printing, and distributing, an Organization may be involved in producing
more than one paper-bearing Source. For example, a publisher may publish
more than one
book, but a book may have only one publisher. Note that links B and C may
both be involved in a single piece of Paper, because the content or
treatment of a particular piece may be different than the majority of the
other pieces in the paper-bearing Source.
- An Organization may keep more than one Facsimile in its collection,
but a particular Facsimile may only be kept in one organization at a
As designed, the database keeps no history of any movement of a Facsimile,
only its current location.
- An Organization may keep more than one Mould in its collection,
but a particular Mould may only be kept in one organization at a time.
As designed, the database keeps no history of any movement of a Mould;
only its current location.
- A Person may have had more than one Job (or role), either in her/his
concurrently, with the same Organization or with more than one.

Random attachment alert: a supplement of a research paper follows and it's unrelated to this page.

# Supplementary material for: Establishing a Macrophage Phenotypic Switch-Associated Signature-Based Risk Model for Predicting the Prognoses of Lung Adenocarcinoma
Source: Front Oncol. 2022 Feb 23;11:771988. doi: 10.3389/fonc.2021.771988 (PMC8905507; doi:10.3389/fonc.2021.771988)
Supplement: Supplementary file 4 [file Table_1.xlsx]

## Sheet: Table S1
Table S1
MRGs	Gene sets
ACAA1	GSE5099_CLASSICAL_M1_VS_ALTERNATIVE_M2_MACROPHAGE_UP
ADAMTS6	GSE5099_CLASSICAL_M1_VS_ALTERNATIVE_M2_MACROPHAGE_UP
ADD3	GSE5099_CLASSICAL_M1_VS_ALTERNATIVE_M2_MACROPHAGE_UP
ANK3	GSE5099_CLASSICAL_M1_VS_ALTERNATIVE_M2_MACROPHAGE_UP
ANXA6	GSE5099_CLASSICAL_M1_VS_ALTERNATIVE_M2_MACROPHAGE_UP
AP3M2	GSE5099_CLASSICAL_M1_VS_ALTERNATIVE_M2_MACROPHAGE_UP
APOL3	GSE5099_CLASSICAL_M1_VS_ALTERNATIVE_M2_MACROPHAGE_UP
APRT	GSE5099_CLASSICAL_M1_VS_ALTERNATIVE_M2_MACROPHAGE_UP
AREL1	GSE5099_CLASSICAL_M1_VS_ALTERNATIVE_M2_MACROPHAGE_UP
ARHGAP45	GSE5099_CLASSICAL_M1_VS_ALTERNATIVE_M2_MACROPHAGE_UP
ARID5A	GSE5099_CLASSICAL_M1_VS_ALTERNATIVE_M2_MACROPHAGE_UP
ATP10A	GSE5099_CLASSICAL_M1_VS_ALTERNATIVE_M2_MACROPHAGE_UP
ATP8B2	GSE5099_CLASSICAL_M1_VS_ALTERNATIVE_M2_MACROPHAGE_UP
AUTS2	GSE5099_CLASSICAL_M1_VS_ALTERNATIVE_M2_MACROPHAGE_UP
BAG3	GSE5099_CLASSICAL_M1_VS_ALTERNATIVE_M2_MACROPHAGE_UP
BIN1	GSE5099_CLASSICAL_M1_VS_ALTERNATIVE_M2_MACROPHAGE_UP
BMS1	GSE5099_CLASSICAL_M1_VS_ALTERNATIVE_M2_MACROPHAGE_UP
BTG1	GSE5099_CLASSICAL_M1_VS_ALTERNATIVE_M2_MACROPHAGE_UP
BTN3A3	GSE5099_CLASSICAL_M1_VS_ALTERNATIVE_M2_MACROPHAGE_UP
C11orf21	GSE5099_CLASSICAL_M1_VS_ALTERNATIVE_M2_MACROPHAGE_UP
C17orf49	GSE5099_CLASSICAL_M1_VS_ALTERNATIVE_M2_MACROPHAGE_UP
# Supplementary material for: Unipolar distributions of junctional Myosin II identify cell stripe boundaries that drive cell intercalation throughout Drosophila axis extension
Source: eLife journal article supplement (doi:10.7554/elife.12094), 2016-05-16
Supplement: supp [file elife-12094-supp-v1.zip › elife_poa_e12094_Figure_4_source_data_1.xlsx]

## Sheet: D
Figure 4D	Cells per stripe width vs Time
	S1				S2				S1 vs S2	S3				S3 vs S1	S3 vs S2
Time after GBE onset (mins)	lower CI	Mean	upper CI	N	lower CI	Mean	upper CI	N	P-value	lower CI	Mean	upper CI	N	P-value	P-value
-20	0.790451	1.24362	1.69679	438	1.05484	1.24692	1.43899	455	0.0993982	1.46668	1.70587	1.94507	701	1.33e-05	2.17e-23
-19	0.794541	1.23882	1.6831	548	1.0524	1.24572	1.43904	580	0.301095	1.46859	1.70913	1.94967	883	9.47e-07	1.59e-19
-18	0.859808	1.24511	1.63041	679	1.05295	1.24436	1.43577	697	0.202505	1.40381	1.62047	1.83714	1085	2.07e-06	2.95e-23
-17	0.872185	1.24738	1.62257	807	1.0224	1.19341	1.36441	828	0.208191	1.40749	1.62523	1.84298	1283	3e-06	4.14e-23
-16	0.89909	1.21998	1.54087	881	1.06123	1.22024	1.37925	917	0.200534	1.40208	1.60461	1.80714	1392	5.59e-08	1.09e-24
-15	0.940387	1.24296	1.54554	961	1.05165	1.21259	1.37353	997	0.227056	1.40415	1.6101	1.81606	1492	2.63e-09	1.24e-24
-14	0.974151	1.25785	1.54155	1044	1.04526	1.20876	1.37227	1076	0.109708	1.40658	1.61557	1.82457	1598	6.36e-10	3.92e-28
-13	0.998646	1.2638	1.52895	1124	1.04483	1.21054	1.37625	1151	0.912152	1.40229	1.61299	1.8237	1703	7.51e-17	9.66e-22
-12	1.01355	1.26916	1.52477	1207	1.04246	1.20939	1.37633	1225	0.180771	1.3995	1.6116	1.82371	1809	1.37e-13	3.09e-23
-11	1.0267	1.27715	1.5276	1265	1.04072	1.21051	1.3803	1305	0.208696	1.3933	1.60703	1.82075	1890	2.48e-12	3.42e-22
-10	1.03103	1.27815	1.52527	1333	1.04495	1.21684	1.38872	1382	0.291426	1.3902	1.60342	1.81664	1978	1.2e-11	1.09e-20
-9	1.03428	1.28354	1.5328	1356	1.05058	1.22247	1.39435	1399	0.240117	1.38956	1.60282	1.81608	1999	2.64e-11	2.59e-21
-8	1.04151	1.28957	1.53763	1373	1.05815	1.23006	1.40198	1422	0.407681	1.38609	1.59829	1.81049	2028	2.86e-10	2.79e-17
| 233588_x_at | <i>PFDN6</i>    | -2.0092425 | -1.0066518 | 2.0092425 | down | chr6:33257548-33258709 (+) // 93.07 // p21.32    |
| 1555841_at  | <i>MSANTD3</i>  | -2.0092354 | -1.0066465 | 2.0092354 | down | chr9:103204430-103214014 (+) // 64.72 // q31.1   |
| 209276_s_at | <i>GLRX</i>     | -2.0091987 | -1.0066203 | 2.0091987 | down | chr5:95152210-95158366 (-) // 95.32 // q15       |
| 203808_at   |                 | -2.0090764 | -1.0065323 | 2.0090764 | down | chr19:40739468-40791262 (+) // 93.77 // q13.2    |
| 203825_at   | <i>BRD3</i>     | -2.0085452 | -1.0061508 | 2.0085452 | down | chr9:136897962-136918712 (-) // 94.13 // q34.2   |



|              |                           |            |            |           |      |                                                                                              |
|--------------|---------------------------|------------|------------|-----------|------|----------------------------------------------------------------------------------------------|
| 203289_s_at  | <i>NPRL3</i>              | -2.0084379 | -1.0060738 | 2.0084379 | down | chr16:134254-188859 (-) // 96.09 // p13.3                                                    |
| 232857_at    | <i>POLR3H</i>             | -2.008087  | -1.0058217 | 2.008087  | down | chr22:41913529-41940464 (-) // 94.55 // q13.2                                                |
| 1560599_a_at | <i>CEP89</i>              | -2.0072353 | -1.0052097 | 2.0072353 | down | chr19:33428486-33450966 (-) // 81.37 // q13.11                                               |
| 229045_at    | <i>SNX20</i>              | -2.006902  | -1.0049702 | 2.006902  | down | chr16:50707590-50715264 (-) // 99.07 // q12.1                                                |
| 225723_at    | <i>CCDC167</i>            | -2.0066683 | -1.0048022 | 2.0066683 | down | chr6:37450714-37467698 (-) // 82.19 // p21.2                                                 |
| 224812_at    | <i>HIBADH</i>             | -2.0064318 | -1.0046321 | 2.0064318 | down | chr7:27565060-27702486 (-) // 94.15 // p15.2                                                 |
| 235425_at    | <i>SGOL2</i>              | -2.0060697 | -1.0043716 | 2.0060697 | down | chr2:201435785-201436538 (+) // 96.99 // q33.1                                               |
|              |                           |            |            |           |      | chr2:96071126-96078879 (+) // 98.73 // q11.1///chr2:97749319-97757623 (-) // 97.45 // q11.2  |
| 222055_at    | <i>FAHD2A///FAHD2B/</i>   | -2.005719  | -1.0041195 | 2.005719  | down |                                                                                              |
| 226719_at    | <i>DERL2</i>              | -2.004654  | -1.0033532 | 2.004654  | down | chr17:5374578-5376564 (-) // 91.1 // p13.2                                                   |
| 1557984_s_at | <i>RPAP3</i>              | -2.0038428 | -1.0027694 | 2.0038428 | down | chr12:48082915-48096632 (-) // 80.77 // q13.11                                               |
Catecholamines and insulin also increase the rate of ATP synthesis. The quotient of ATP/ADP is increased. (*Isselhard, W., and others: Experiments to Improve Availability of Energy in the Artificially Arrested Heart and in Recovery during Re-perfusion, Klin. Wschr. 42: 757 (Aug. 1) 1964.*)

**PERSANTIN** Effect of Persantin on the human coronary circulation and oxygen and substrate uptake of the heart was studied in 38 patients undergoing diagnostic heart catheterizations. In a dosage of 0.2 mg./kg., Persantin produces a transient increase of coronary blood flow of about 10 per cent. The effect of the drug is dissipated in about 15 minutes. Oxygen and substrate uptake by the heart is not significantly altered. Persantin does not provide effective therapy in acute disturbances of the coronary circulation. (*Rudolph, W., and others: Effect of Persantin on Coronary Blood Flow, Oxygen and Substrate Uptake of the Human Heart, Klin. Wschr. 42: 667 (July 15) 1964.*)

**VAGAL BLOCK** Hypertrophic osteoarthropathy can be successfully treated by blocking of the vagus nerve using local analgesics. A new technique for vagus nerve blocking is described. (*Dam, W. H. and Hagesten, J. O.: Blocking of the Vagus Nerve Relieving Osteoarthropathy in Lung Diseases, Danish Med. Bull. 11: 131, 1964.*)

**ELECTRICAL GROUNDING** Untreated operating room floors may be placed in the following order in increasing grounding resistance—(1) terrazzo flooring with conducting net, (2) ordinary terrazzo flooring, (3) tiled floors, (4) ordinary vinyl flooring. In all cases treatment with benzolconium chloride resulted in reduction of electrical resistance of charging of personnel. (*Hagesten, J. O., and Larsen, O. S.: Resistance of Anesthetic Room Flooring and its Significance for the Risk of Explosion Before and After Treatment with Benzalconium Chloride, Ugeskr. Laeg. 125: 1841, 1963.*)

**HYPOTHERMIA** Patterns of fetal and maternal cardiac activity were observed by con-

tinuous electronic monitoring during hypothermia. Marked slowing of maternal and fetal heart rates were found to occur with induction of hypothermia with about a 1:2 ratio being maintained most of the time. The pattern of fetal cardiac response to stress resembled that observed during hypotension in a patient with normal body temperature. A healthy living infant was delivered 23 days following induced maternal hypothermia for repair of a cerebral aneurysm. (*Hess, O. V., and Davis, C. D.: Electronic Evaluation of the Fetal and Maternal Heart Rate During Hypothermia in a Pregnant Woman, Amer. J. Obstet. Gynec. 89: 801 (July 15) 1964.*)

- A Person may have been responsible for the Artistic content ( taken to
mean any literary or artistic creation that is applied to paper ) of one
- A Person may have applied the Physical content to one or more pieces
of Paper, or, perhaps, more than one type of content to the same piece.
Note that, with this design, an "autograph" is identified by having the
same Person responsible for both the Artistic and Physical content.
- A Watermark may have been reproduced one or more times in a number of
different forms, e.g. a tracing and a dylux.
- An existing Mould may contain one or more Watermarks. As designed,
this database assumes that the same information will be kept about paper
watermarks and about the watermark designs in actual moulds. Should we
want to keep other information about the mould watermark designs, a
separate file, perhaps called Filigree, may be called for.